Likert scales (also known as "summated rating scales") are popular and easy to use. They are simpler to construct than a Thurstone scale and generally yield more reliable results. Like a Thurstone scale, respondents are asked to indicate the strength of their agreement or disagreement to a series of about 20 statements, but then each category of response is allocated a score and a measure of the respondent's overall attitude is given by their total score. A Likert scale therefore takes account of every response, unlike a Thurstone scale where the researcher focuses only on those statements with which the respondent agrees. Responses to individual statements can also be analysed to gain a fuller understanding of respondents' views.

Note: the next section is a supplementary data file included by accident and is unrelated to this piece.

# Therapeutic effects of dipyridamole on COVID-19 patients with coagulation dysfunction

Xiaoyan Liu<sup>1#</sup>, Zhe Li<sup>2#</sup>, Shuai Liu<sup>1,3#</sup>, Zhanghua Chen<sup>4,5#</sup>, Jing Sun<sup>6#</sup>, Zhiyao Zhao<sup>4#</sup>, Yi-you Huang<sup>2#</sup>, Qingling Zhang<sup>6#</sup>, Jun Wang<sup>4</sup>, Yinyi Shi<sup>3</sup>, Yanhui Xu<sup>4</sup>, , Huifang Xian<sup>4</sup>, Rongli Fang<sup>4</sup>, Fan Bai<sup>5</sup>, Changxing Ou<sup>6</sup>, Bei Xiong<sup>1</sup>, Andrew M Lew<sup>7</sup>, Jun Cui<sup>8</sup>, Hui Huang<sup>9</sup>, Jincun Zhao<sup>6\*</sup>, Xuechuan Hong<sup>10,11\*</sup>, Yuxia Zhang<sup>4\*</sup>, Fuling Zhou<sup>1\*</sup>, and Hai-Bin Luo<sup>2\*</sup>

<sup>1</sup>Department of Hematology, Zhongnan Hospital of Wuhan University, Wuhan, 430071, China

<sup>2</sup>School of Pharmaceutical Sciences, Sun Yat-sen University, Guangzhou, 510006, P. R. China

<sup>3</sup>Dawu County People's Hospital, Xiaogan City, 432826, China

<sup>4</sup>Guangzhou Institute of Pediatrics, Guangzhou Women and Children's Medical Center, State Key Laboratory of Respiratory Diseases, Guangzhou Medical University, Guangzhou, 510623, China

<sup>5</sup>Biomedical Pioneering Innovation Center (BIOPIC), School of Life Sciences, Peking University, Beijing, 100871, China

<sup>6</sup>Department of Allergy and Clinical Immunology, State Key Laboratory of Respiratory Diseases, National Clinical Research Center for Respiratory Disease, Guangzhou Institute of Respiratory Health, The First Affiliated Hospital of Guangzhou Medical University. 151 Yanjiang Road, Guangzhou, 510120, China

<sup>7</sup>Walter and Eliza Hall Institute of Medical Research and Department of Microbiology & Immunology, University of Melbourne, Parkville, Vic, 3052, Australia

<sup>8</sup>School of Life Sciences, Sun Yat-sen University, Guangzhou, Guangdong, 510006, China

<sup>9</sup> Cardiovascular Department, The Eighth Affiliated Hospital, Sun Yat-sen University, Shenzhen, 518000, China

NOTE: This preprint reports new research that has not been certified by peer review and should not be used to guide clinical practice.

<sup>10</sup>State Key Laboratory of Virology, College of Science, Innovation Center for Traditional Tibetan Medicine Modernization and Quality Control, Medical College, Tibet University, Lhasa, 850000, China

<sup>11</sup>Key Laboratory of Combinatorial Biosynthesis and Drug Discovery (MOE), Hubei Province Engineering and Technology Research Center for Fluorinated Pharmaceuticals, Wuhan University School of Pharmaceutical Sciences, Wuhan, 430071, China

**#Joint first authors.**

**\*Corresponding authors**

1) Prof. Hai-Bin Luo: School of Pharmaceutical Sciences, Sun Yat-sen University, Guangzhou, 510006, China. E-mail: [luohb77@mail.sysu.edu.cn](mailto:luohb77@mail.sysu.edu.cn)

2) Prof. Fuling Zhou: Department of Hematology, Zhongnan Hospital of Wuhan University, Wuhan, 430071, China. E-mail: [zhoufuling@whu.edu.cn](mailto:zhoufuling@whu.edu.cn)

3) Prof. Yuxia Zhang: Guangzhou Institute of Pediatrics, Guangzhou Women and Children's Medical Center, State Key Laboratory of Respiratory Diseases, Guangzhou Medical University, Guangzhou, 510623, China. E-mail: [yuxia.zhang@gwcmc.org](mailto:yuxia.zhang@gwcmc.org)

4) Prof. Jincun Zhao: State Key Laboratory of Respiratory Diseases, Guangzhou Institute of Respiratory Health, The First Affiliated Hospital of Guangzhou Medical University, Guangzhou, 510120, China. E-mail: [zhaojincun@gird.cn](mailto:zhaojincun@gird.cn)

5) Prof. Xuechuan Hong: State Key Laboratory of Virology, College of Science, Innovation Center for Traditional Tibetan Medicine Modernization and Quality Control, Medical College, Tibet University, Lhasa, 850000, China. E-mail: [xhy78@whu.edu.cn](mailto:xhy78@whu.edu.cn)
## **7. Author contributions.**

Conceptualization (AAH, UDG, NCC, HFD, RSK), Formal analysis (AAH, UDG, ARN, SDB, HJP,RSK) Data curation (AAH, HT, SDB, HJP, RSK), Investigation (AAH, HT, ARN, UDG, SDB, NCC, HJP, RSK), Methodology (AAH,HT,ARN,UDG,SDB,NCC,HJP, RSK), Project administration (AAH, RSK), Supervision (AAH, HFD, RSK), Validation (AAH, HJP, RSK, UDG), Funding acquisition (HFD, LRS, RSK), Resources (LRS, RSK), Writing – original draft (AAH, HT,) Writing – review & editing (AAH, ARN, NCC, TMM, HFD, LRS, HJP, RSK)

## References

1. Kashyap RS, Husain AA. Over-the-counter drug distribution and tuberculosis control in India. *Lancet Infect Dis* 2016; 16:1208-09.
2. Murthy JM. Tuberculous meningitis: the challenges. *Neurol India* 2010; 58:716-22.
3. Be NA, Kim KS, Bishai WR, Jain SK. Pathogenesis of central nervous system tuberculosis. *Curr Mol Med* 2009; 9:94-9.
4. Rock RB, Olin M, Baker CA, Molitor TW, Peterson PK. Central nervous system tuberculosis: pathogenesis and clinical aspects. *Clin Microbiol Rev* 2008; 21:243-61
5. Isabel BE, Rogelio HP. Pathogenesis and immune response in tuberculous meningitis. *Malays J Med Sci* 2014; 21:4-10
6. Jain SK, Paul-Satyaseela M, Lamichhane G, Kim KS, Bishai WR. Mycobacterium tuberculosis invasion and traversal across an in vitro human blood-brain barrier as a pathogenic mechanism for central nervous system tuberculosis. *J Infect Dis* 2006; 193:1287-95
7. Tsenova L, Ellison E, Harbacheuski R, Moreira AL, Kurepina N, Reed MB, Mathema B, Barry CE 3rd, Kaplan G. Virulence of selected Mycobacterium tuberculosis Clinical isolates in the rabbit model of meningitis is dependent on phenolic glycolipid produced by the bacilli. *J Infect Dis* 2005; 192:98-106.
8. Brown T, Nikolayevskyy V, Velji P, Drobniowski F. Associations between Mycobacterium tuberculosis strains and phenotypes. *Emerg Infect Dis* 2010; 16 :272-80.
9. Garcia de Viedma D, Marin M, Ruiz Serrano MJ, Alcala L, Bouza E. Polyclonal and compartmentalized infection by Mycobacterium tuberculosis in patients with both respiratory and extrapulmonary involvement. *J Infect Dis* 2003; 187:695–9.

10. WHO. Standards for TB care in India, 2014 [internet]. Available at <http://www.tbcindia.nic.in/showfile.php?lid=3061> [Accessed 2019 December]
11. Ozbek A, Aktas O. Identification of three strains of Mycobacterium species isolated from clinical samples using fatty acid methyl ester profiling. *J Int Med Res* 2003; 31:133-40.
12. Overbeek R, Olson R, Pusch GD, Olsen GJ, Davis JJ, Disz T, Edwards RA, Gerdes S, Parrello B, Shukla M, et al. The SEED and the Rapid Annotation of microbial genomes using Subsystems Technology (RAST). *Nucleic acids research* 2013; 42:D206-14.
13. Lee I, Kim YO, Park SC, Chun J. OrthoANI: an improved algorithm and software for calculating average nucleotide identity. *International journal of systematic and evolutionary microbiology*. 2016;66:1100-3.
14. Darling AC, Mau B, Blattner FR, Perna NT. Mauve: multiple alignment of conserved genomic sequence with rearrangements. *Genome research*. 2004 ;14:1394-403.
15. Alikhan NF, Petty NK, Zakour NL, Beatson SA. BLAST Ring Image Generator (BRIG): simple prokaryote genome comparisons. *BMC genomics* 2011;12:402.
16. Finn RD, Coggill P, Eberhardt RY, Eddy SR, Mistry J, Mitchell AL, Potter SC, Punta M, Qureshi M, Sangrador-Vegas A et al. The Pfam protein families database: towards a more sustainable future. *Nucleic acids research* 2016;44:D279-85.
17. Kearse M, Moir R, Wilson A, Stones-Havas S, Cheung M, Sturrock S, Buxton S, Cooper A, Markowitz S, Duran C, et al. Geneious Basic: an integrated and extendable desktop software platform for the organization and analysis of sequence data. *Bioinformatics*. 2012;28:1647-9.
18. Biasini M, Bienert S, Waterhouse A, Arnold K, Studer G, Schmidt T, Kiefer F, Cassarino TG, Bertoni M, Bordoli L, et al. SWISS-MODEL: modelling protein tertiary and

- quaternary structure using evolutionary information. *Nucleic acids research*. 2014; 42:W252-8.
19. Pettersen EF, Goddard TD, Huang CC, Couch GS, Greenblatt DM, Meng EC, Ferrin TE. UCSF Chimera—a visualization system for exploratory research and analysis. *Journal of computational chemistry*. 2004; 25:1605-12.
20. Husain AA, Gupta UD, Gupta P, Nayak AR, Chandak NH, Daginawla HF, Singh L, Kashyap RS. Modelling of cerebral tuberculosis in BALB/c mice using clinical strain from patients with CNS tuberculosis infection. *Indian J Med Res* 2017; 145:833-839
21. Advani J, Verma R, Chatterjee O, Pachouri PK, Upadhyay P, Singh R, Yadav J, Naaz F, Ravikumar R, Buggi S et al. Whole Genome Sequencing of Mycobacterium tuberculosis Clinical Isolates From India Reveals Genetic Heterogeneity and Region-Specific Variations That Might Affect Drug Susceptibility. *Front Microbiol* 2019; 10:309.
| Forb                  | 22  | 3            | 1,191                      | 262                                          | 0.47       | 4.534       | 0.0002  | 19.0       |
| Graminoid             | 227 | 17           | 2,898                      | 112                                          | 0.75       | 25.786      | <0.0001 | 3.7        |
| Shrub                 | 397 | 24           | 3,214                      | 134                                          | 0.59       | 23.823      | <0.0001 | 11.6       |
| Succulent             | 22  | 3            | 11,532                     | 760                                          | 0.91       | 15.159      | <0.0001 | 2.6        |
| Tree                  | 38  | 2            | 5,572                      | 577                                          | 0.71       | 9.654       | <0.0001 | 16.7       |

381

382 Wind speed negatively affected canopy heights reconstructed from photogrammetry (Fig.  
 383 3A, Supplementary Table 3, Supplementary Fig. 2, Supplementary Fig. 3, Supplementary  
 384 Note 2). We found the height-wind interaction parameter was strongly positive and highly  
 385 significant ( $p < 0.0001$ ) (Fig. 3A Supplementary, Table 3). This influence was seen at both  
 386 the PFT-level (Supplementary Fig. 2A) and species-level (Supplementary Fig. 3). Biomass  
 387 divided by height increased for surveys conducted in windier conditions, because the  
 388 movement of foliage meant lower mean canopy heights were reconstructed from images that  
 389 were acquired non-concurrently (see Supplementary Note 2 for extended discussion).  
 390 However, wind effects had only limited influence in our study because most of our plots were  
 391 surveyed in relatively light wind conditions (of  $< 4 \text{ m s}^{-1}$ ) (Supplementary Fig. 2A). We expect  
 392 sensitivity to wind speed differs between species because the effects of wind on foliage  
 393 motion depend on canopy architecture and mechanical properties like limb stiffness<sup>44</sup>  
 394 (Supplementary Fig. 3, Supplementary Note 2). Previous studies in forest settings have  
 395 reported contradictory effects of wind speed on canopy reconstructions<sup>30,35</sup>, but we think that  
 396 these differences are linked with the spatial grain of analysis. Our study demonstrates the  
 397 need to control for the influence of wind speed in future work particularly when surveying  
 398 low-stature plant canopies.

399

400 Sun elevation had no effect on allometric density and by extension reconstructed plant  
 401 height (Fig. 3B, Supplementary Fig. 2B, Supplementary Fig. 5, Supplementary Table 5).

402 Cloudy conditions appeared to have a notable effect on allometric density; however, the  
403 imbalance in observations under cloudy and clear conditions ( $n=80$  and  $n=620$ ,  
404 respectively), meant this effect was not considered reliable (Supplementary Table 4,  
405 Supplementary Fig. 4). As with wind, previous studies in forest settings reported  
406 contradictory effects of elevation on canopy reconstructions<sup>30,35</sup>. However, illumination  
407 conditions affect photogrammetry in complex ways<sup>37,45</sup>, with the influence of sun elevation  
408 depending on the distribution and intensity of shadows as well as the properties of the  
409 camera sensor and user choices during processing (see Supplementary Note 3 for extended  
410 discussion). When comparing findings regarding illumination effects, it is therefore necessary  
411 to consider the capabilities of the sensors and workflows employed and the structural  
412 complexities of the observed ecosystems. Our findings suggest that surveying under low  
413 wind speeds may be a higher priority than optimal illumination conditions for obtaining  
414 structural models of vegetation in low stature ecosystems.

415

An example of a Likert scale is shown below.
Extreme statements are not usually included in a Likert scale because nearly everyone in the target population is likely to respond to them in the same way, and therefore they are of little value in gauging subtleties of attitudes. However, because it is not an interval scale, no conclusions can be drawn about the distances between different positions on the scale. Neutral statements do not tend to work well on a Likert scale because respondents' scores tend to cluster around the middle point